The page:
An anxious physician is on the phone, seeking advice from the city's infectious disease director about giving the antibiotic Cipro to a sick Federal Express worker who doesn't even have anthrax symptoms.

The reassuring words of the director, Dr. Pamela Diaz, are tinged with uncertainty.

"Everybody has to be a little more alert than usual without being over the edge," Diaz tells the doctor.

There have been no confirmed reports of anthrax or anthrax exposures in Chicago or most other major U.S. cities. But since Sept. 11, bioterrorism is the only topic of discussion for public health administrators like Diaz, who's been working 18-hour days, seven days a week.

A voicemail message this past week from the federal Centers for Disease Control and Prevention invited Diaz to discuss local preparedness at an upcoming CDC meeting. Later, a colleague discussed using Census data to guide distribution of medicine if widespread bioterrorism hits Chicago.

Diaz agreed to the Census tracking discussion during what is now a daily and sometimes twice-daily meeting with staff epidemiologists on the latest developments.

But she said the CDC invitation was likely out of the question. The Oct. 30 meeting would require being away around Halloween, a day that even in the best of times brings in horror hoaxes and pranks. And Diaz figures she ought to stick around.

Diaz works in Chicago's Department of Public Health, which exists to protect the city's nearly 3 million people from disease through education, disease tracking and prevention. In normal times, that means things like providing vaccinations, urging condom use to prevent venereal disease and monitoring flu outbreaks.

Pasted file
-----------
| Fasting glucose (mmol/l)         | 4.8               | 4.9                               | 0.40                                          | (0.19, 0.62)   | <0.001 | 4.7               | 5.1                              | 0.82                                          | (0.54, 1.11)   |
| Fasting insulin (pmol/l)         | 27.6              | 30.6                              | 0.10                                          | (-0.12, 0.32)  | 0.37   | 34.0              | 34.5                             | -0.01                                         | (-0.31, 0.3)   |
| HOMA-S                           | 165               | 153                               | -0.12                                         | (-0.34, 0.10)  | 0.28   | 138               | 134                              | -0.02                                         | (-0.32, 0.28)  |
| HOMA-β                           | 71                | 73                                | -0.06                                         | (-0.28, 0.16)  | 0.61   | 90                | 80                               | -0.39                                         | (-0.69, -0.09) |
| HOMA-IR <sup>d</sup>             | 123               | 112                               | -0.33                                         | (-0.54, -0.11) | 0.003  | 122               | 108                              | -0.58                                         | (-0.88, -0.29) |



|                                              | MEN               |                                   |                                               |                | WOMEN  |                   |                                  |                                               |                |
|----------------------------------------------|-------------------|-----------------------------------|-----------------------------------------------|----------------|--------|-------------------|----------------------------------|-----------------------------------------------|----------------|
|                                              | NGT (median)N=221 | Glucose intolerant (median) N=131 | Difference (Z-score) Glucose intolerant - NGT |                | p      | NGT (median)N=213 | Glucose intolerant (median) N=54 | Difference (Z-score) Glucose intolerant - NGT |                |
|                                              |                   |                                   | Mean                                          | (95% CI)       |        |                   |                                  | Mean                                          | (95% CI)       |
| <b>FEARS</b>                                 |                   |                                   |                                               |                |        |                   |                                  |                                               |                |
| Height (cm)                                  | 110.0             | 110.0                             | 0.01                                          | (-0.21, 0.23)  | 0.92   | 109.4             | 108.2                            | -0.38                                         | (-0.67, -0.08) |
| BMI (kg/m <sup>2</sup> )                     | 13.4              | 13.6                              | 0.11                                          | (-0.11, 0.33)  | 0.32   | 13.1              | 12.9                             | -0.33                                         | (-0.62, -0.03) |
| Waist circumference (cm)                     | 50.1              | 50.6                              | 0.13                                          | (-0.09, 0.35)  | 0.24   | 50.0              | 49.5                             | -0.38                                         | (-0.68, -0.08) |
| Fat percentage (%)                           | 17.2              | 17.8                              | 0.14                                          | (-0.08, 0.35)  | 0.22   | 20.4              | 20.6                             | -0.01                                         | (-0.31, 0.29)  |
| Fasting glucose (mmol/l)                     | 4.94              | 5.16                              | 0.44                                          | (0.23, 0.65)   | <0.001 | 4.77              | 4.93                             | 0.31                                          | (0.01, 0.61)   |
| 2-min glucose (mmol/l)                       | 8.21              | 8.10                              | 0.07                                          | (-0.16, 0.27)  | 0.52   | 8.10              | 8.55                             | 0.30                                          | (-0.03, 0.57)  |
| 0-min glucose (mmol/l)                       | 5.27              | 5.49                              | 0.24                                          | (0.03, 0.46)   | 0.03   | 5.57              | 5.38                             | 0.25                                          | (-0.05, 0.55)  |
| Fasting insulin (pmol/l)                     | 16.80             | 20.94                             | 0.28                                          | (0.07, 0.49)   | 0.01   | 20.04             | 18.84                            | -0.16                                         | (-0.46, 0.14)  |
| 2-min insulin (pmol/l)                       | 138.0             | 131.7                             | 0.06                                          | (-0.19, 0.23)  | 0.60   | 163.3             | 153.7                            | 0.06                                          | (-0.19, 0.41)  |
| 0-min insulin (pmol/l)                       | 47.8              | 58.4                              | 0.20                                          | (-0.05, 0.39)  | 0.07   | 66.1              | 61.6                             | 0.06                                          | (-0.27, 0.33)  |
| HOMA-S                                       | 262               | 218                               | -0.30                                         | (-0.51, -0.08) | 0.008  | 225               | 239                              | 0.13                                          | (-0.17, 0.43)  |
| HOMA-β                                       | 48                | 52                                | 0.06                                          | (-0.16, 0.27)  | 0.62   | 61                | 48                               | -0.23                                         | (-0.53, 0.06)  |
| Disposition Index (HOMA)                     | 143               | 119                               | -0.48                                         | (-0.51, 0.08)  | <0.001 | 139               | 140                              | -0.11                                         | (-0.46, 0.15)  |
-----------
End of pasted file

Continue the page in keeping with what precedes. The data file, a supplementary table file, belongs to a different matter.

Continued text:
In these times, the agency's focus is on anthrax, and Diaz is in charge.

Diaz says her department is continually brainstorming and updating its plan while watching anthrax events unfold in places like Washington, Florida and New York.

"We're all learning as we go because anthrax through the mail is not something that we've had a lot of experience with," she said.

While Chicago just put a bioterrorism preparedness plan in writing a year ago, Diaz said the issue has been on the department's radar for several years, prompted by events including the 1993 World Trade Center bombing, the 1995 sarin gas attack in Tokyo and the Oklahoma City bombing.

For security reasons, Diaz won't reveal details of the city's preparedness plan. She said it includes elements as simple as making sure department staff members have all-hours phone numbers for key city and state officials, and as complex as mapping out how best to get medicine quickly to all areas of Chicago.

An agency hot line receives dozens of calls daily from people who think they came in contact with suspicious powder and from doctors seeking advice on how to deal with them.

At a staff meeting this past week, epidemiologist Usha Samala told of receiving 20 phone calls the previous day, most from people concerned about handling letters that had been routed through the Washington post office.

"Right now, there's not any recommendation to be concerned" about such mail posing a health threat, Diaz told the group. If there were, there'd be scores of cutaneous anthrax cases around the country, added Dr. William Paul, the city's deputy public health commissioner.

There were no easy answers for the doctor who gave Cipro to the sick Federal Express worker without anthrax symptoms. The same day he called, Diaz' department prepared a health alert for the city's 38 hospitals warning against prescribing unnecessary antibiotics.

But Diaz, who has never treated an anthrax patient and knows that most other doctors haven't either, treads cautiously. She takes the patient's phone number to get his work history and determine if he had contact with any suspicious packages.

"Doctors don't know if there really is a problem in Chicago or not," she explained later.